- EMBRACE THAT CRAZY “COEXIST” BUMPER STICKER…NOT BECAUSE YOU ARE ALL RELIGIONS, BUT BECAUSE WE SHARE THE FAITH THAT WE DESERVE PEACE. Last spring, I learned when I wrote a research project on Beyoncé’s “X” in her “Formation” video; there are subcultures within cultures of all communities, and unless you are actually a part of that community, you will not understand its nuances and idiosyncrasies. This includes historical allusions, mannerisms, vocabulary, and even small things like eye contact or handshakes. So, instead of jumping at someone who says, “All lives matter” in response to someone who says, “Black lives matter,” try to look at this whole battle differently. Both people are claiming that each is important. Both want to be seen, heard, and validated. We have become divided because we have been taught that if one person is important, then another person must be less (or un) important. The truth is, everyone is here for a reason, and it is our job to stop the division and allow each other to thrive. That is how we make our communities stronger. When the shooting started in Dallas a few weeks ago, color was foremost in the shooter’s mind, but not at all in anyone else’s. As bullets singed the air and ricocheted everywhere, nobody cared who was what color or religion; when people fell in the panicked stampede, others picked them up and helped them run to safety. It was all about getting everyone out of harm’s way. We should be in that state every moment of every day. We should be striving to live together in harmony. And we are going to have to remember that people who are not from our community do not know our community; therefore, they are probably going to say things that are a little “off.” We have to forgive and educate. We have to figure out how to make this work.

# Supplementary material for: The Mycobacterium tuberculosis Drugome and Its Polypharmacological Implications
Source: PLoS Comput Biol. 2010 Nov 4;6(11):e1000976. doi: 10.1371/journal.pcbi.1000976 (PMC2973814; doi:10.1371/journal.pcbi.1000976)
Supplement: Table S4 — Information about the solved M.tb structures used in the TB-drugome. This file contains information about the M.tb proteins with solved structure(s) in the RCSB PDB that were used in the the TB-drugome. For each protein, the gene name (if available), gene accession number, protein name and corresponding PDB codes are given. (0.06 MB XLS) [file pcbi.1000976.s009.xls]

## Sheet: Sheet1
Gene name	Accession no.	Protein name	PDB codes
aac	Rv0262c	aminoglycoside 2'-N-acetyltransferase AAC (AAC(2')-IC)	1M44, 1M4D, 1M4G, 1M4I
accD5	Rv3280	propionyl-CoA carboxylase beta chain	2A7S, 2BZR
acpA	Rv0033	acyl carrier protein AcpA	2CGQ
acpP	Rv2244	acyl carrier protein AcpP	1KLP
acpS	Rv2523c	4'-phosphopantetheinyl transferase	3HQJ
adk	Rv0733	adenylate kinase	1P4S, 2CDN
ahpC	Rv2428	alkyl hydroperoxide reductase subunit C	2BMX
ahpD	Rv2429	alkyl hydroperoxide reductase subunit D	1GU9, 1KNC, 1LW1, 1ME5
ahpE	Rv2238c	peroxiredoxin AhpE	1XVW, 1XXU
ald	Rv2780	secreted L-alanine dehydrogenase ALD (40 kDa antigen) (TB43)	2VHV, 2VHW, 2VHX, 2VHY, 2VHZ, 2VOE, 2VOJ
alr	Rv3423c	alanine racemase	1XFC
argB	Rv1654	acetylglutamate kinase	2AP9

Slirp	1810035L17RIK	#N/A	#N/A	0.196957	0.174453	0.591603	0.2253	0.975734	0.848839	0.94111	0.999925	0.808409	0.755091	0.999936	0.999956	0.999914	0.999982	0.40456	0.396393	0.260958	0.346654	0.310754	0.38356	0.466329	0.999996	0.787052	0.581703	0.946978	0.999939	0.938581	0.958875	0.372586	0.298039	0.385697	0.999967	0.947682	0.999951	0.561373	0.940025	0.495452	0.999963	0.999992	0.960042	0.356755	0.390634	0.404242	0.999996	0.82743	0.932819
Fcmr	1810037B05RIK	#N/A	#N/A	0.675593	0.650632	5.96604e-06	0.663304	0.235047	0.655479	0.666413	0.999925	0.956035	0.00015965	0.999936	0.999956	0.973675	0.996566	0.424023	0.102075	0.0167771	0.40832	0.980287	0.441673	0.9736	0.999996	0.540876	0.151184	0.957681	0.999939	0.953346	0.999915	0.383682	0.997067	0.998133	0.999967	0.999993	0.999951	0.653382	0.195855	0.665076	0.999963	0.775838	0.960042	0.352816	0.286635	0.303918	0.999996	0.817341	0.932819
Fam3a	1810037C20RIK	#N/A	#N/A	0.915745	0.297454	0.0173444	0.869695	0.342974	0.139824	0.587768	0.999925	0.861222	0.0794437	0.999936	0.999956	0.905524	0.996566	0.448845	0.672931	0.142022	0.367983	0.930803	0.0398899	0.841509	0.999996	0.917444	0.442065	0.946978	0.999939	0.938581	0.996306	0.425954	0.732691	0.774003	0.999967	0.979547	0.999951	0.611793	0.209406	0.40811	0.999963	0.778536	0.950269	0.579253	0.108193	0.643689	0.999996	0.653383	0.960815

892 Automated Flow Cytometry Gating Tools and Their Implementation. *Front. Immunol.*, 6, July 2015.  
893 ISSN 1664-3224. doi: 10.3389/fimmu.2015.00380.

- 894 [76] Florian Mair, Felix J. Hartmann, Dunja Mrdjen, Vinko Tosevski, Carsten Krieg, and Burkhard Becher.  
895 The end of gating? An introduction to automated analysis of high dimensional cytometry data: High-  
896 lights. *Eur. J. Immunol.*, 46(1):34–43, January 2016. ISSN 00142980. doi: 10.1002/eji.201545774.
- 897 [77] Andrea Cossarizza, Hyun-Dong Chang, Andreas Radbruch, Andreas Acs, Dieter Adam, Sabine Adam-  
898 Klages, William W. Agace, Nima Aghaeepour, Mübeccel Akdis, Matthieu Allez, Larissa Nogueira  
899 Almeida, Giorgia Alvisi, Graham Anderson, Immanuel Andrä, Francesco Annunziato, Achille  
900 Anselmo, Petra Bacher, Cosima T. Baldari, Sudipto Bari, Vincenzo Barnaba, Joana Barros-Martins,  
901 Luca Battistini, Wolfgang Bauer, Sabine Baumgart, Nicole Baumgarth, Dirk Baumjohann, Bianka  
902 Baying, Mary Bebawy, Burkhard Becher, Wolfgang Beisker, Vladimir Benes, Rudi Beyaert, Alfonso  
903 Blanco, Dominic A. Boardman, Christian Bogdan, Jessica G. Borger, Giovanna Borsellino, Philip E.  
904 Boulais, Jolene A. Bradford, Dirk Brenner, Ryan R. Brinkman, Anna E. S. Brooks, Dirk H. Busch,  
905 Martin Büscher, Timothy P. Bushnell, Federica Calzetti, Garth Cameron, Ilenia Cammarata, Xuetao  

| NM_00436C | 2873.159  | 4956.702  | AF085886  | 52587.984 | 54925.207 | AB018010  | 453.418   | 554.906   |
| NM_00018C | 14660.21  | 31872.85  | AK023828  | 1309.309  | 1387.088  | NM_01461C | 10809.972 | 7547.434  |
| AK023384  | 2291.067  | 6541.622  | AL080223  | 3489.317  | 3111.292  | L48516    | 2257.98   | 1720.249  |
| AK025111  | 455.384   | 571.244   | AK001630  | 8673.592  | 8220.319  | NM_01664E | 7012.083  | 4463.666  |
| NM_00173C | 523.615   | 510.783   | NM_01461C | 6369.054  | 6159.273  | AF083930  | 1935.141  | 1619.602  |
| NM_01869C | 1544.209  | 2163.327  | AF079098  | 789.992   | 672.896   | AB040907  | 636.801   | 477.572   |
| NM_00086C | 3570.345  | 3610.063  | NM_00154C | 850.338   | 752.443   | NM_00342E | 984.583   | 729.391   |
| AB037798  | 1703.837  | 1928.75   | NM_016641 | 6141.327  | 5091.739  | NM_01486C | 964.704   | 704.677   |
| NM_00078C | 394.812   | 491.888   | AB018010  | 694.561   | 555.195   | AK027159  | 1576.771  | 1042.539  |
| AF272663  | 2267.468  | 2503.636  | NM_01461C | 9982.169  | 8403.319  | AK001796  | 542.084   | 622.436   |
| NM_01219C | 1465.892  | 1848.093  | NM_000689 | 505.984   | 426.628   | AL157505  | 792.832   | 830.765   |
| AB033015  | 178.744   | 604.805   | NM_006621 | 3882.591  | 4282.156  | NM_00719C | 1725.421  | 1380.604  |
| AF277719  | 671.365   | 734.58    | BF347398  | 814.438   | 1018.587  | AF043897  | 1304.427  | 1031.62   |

- REMEMBER WE ARE NOT STEREOTYPES; WE ARE ALL UNIQUE. Not all cops are evil. Not all women are whores. Not all ministers are con men. You really want to object? When you take a survey, or the Census people come by, when you are asked what race you are, click or say, “Other.” When asked to explain, type or say, “All of them.” We were once told that we needed to be proud of our heritage and proud of our color, but everyone in power is trying to use that pride to divide us so they can do whatever they want. Look at our presidential candidates. Look at some of our LEADERS. Does someone preach love for everyone? Does someone promise fairness for all of us? Does either one have a seriously comprehensive and approved plan to deal with health care, the job market, or our retirement funds? How do you think this happened? The media kept us all focused on horror and terror, and we blindly voted for people who used better buzz words. We are smarter than this. We are kinder than this. Let us show our smarter, kinder, better selves to each other. Let us remember our humanity.
What ideas can you come up with to help your community heal? I am trying to get some support to start a grassroots healing program through writing and art in Dallas. It’s slow, but I believe when I find the right people, it will move much smoother. What ideas are you sharing with others to make this world better? In what ways are you willing to move out of your comfort zone to help? What ways can others help you?
As always, spread some love around, share some knowledge, as you are creating a big karmic boomerang! Let me know how it’s going, and keep frosted!